By Maggie Shiels
in Oakley, California
To some, 15-year-old Lisa McClelland is a heroine - while to others she is public enemy number one.
Lisa McClelland's plan has put her at the centre of a storm
One thing she herself says she is not is a racist, as she defends her attempts to start a "Caucasian club" at her California high school.
"I think I am doing a great thing," she told BBC News Online in the garden of her home in Oakley, 50 miles east of San Francisco.
"I'm trying to break racial barriers.
"Without a Caucasian club things at school are kind of segregated and I think if we have a Caucasian club it will go along with the rest of the race clubs so the school might be a little bit more diverse."
The school is already home to the Black Student Union, the Asian Club and Latinos Unidos, an Hispanic club.
Pupils of all races can join any of the groups but Lisa says she does not fit in and believes her Caucasian club will help bridge the gap for many.
"I came home from school one day, the day we were signing up for clubs, and I didn't see any that really interested me.
"We were talking about how there are all these other racial clubs but there isn't a Caucasian club and me and my mom talked about it and how there would be nothing wrong with trying to get it started."
But ever since Lisa went public, she and the school have been in the spotlight.
The topic is a regular staple on American cable programmes and the favourite punch bag of right wing radio talk shows.
School principal Eric Volta has found the attention overwhelming but perhaps understandable.
The decision will rest with school principal, Eric Volta
"A club by that name tends to make people nervous. Even school administrators as far as what it's purpose is," he said.
"As long as it stays positive, it's not a problem."
And Lisa promises that it will be.
"It will be where kids can go and learn about their heritage and break down their culture more than the school does. Any race can join."
A snapshot of opinion outside the school gates found support for the idea mixed, and centring on the race issue.
Patricia backs the club on one condition: "I think it would be okay as long as it wasn't meant to be racist."
Shayna, 15, does not understand what all the fuss is about.
The issue has caused a fierce debate at Freedom High School
"I really don't think it should be that big of a deal because there's the BSU [Black Student Union] and all that stuff already."
Angel, 16, applauds Lisa's idea.
"More power to her. We should have more white clubs around here."
Melissa, also 16, said: "I don't think it will cause any racial problems because there were no problems when the black club and the Asian club were being set up."
But 14-year-old African American Tarryn disagrees.
"It's dumb, real dumb. The girl says 'we want to talk about our background,' well their background is about putting black people as slaves."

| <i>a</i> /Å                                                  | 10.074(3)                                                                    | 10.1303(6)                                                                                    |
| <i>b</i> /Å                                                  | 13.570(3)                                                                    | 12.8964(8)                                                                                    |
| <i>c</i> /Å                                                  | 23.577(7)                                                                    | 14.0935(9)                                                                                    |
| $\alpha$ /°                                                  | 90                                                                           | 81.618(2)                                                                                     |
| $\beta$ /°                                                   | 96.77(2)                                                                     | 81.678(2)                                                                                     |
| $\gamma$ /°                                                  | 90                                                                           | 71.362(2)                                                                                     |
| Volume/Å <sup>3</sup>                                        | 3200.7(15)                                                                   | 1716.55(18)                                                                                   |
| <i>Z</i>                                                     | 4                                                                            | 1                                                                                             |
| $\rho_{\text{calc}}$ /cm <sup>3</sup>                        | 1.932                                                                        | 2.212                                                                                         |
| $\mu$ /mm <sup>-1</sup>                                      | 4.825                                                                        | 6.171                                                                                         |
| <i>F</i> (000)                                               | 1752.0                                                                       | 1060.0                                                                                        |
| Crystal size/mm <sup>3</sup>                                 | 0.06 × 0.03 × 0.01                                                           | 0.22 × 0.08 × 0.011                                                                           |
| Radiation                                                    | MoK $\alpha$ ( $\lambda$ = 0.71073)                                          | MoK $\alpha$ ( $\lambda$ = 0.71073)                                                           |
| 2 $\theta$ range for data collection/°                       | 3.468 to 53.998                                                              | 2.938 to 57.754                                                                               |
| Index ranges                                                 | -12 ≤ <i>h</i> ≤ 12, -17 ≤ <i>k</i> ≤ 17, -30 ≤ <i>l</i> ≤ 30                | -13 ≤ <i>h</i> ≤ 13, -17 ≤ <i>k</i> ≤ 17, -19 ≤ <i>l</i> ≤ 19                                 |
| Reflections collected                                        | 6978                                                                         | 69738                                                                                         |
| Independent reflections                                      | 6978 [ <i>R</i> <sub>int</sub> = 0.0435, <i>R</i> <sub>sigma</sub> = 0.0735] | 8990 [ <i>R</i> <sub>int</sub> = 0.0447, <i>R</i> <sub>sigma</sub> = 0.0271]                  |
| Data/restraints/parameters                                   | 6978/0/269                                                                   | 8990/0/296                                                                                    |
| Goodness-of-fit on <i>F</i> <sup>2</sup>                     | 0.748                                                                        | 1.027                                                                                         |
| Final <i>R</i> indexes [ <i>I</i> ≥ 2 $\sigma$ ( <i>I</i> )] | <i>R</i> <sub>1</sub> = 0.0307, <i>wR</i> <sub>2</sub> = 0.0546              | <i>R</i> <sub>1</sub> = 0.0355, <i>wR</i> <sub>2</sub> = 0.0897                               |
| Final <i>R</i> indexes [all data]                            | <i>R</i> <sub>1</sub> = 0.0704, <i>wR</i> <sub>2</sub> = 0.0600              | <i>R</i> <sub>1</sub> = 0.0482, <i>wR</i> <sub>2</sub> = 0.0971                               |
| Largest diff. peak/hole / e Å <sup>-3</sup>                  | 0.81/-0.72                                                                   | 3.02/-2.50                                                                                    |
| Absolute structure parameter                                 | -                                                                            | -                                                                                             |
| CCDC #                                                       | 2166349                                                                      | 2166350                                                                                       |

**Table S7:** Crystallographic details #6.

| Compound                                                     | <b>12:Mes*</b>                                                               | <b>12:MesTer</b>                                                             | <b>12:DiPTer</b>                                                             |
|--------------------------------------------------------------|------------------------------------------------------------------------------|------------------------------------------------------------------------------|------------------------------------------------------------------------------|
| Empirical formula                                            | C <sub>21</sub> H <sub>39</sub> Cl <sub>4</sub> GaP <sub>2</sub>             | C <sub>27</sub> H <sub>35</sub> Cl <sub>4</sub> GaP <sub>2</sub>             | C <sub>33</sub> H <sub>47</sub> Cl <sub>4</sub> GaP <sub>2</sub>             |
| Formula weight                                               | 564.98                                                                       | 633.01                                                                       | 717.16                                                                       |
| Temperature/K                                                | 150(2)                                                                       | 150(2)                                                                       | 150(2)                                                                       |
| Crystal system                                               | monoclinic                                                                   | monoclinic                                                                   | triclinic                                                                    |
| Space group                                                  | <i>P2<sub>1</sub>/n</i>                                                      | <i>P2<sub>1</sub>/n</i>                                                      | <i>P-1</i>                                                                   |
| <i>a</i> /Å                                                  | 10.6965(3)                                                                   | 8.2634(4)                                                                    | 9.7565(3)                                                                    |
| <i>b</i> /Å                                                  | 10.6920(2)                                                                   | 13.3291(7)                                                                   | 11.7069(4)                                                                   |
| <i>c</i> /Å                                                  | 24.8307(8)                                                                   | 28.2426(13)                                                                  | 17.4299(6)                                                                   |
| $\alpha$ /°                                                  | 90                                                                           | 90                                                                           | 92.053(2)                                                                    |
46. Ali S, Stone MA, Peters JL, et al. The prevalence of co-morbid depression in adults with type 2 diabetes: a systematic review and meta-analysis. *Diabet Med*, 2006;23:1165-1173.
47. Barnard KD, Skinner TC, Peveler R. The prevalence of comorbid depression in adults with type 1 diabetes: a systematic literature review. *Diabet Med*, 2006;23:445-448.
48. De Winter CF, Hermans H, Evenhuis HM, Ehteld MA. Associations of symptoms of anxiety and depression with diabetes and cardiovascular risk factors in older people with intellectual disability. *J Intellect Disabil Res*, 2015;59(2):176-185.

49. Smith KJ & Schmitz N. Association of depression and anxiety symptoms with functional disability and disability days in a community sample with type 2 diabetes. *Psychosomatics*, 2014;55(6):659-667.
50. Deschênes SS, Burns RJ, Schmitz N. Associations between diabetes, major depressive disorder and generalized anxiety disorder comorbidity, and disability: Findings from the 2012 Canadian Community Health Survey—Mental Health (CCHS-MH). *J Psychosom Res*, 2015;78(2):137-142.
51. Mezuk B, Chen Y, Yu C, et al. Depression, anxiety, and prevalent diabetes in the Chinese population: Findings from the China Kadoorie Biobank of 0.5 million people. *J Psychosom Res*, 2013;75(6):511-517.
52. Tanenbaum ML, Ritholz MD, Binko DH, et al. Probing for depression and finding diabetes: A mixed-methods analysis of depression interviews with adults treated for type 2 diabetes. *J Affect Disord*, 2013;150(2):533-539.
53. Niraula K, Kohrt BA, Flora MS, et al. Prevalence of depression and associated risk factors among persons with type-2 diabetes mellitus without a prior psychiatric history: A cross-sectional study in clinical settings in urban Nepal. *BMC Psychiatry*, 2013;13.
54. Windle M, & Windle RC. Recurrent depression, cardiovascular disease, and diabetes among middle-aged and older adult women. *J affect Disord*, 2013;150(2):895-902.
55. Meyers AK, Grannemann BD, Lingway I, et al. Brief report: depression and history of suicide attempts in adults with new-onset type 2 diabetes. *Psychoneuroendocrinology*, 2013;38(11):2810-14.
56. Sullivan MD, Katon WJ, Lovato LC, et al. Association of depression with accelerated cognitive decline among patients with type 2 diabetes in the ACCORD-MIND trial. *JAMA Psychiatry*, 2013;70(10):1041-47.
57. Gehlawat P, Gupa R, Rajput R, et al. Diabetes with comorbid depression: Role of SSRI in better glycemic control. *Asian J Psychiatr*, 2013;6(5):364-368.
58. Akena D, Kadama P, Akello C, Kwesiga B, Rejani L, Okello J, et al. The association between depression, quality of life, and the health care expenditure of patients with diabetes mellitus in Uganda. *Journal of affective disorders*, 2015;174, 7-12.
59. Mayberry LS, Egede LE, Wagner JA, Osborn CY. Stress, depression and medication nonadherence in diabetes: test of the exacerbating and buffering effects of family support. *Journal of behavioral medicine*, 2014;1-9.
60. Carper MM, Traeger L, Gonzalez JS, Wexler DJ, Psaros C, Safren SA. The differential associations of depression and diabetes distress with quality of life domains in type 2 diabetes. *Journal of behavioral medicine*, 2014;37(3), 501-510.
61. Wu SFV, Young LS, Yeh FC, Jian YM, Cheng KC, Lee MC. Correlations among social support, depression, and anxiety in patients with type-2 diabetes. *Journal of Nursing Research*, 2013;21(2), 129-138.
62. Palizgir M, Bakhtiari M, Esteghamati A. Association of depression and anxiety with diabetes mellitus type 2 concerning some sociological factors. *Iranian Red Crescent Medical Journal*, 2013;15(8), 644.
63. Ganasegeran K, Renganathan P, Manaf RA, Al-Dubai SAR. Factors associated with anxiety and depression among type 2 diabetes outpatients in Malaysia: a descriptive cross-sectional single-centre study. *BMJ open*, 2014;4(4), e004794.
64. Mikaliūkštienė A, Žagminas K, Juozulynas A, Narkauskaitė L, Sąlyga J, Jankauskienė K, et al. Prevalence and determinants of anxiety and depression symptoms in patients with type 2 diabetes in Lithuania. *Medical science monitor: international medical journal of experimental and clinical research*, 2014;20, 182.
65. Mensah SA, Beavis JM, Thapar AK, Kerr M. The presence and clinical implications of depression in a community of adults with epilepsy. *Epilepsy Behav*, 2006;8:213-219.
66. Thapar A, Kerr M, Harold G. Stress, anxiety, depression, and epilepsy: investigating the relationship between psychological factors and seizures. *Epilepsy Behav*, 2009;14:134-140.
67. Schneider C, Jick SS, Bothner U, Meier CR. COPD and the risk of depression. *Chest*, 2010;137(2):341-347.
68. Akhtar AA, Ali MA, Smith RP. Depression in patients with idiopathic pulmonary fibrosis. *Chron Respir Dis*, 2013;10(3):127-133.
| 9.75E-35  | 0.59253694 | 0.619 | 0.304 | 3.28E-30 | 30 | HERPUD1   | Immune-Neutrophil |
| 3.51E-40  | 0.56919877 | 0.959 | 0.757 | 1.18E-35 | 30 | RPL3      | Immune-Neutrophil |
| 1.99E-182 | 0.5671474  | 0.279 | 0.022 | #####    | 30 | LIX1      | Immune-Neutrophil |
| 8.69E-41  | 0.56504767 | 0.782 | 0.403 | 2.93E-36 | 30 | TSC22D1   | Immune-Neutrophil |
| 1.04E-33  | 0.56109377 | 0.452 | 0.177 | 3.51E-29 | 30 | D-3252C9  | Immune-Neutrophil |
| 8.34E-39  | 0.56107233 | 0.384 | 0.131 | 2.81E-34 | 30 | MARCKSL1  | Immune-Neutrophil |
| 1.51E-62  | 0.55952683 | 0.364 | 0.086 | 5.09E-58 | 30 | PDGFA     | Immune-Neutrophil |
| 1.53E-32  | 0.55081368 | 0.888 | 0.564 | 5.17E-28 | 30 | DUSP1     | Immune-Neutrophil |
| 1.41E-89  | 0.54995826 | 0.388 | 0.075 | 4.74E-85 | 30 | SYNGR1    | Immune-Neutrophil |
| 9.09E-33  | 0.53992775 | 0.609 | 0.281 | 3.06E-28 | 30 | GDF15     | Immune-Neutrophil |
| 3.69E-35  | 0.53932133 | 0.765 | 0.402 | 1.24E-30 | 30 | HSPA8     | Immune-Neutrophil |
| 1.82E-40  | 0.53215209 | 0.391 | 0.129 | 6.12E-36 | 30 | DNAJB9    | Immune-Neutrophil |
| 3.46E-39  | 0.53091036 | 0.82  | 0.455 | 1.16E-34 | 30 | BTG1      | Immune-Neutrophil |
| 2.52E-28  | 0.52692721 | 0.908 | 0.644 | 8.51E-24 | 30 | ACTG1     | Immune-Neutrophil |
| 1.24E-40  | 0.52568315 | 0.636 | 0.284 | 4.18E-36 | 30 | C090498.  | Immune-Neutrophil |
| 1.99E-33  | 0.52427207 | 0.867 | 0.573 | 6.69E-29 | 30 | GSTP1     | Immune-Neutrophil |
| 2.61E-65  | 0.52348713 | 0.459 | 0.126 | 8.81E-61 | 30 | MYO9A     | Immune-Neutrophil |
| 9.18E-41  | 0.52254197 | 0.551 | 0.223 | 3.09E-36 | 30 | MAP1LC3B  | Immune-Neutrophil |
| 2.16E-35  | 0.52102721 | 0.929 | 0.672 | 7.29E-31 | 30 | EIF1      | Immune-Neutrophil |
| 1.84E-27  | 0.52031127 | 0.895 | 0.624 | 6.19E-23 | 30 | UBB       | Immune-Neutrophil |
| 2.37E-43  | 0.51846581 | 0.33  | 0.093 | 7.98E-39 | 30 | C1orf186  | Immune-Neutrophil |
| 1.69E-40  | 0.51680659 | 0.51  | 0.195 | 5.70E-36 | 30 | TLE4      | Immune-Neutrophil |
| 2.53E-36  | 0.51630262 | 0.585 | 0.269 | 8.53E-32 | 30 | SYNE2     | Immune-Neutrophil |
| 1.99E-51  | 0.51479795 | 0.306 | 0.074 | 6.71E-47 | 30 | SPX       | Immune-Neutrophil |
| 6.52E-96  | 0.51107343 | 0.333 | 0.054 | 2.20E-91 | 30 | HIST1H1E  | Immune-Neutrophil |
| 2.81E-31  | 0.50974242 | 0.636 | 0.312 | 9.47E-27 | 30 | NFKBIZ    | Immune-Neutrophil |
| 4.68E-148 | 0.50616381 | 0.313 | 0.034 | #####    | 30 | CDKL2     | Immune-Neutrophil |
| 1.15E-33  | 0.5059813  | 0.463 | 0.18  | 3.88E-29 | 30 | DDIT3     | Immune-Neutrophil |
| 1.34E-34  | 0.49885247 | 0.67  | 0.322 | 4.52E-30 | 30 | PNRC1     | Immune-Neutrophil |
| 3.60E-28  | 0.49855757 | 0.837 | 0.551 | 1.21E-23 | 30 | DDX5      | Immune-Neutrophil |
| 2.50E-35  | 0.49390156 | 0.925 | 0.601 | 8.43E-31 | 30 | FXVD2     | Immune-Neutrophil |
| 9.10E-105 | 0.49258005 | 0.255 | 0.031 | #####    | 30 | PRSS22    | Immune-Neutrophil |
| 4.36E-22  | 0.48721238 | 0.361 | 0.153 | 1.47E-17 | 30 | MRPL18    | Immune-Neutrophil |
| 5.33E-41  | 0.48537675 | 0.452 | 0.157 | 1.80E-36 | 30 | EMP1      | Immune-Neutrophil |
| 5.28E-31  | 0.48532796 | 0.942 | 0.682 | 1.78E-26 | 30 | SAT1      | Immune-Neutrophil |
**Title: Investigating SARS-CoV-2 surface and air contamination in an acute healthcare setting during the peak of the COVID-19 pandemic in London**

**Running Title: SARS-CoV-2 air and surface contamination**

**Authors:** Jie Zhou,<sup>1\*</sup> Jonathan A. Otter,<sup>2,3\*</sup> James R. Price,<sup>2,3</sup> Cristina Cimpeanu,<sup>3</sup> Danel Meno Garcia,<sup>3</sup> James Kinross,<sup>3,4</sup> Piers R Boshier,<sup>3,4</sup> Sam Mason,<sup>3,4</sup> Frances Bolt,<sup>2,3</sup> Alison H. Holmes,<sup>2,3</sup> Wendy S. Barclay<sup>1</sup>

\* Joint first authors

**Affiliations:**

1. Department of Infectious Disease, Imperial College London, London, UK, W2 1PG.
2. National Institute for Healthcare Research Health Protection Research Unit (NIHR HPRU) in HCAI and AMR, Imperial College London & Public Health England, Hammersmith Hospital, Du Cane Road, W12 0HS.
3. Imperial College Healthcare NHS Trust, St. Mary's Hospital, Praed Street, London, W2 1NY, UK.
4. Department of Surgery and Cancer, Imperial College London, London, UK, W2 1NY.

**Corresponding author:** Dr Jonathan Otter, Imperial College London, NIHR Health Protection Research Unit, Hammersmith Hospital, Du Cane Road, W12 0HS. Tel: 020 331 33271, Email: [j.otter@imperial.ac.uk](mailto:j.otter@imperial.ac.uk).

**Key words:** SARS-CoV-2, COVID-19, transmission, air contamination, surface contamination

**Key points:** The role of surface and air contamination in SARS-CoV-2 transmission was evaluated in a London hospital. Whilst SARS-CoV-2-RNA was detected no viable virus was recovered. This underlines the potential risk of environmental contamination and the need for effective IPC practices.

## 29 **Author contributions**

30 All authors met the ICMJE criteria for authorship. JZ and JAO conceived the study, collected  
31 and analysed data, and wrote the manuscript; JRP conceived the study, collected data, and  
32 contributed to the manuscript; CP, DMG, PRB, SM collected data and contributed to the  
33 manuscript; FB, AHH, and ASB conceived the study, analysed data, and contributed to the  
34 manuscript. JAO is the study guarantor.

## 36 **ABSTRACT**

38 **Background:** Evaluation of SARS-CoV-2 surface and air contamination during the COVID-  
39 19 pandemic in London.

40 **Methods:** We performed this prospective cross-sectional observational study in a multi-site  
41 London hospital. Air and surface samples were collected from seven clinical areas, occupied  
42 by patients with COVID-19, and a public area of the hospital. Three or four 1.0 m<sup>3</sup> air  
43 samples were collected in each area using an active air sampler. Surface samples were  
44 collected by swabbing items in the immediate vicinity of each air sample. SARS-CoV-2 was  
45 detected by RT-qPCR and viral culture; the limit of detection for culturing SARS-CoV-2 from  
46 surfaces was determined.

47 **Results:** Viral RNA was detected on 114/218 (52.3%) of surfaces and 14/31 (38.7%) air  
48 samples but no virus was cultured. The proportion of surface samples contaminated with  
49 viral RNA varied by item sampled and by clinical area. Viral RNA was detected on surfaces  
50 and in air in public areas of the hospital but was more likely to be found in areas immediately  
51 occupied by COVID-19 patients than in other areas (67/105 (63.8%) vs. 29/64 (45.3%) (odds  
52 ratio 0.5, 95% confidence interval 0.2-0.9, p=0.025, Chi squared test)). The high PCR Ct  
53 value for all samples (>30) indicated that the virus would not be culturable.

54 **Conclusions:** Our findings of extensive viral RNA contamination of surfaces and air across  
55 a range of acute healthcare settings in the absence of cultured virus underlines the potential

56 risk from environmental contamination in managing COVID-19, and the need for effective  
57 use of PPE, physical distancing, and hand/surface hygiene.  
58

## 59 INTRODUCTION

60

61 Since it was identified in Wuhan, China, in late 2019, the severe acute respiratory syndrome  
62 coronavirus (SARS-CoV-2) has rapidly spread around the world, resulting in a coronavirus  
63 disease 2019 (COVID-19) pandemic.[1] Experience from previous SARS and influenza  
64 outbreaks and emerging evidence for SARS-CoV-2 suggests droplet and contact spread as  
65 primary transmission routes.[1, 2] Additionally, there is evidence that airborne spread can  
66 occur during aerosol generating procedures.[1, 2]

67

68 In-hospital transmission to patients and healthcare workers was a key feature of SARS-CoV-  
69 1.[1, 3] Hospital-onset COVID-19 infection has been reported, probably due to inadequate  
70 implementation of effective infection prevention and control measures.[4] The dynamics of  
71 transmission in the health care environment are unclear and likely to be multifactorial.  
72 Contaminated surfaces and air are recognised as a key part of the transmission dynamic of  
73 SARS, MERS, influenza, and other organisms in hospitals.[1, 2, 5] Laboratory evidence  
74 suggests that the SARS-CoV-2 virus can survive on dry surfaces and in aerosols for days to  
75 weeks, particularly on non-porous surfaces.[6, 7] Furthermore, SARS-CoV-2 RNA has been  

Another 14 year old, Joe, is equally critical.
"I think it's really stupid. It's just racial separation and we got rid of that a long time ago."
Indeed some believe the whole affair has opened up old racial wounds within the school and the district.
Two years ago a swastika and anti-minority flyers were found in the boy's bathrooms at the school.
A black teacher found a noose made out of a shoelace hanging on the doorknob of his classroom in 2001 and tension mounted when a rope noose was discovered hanging from a tree on another school campus in the district last year.
Lisa McClelland said she had been on the receiving end of some racist barbs herself.
Lisa has the backing of her mother, Debbi Neely
While she shrugs them off as part of the media circus, her mother Debbi Neely isn't so nonchalant.
"I'm very concerned about that and I'm keeping a close eye on it."
Darnell Turner of the local chapter of the NAACP civil rights group said of Lisa's club: "If her motivation is to bring harmony, as she alleges, this is not the way to go."
But far from having a negative impact on the school, Principal Volta says Lisa's proposed club has sparked a great debate.
"The level of conversation our students are having about their heritage, their culture, their background, fairness, equity and civil rights has been a very positive thing out of this experience."
Over the next two weeks Lisa plans to draw up the club's constitution and find a faculty adviser.
Ultimately the decision to give it a green light will lie with the principal, who said: "I will base it on what's fair and what's right for the students at Freedom High School."
Lisa says that if the proposal is rejected she and her mother will consider legal action.
Debbi Neely said: "I've raised my kids to be open-minded and I think at that point it would become a discrimination issue just due to the fact they have a black student union, a Latino club and an Asian club and at that time I would definitely file for discrimination."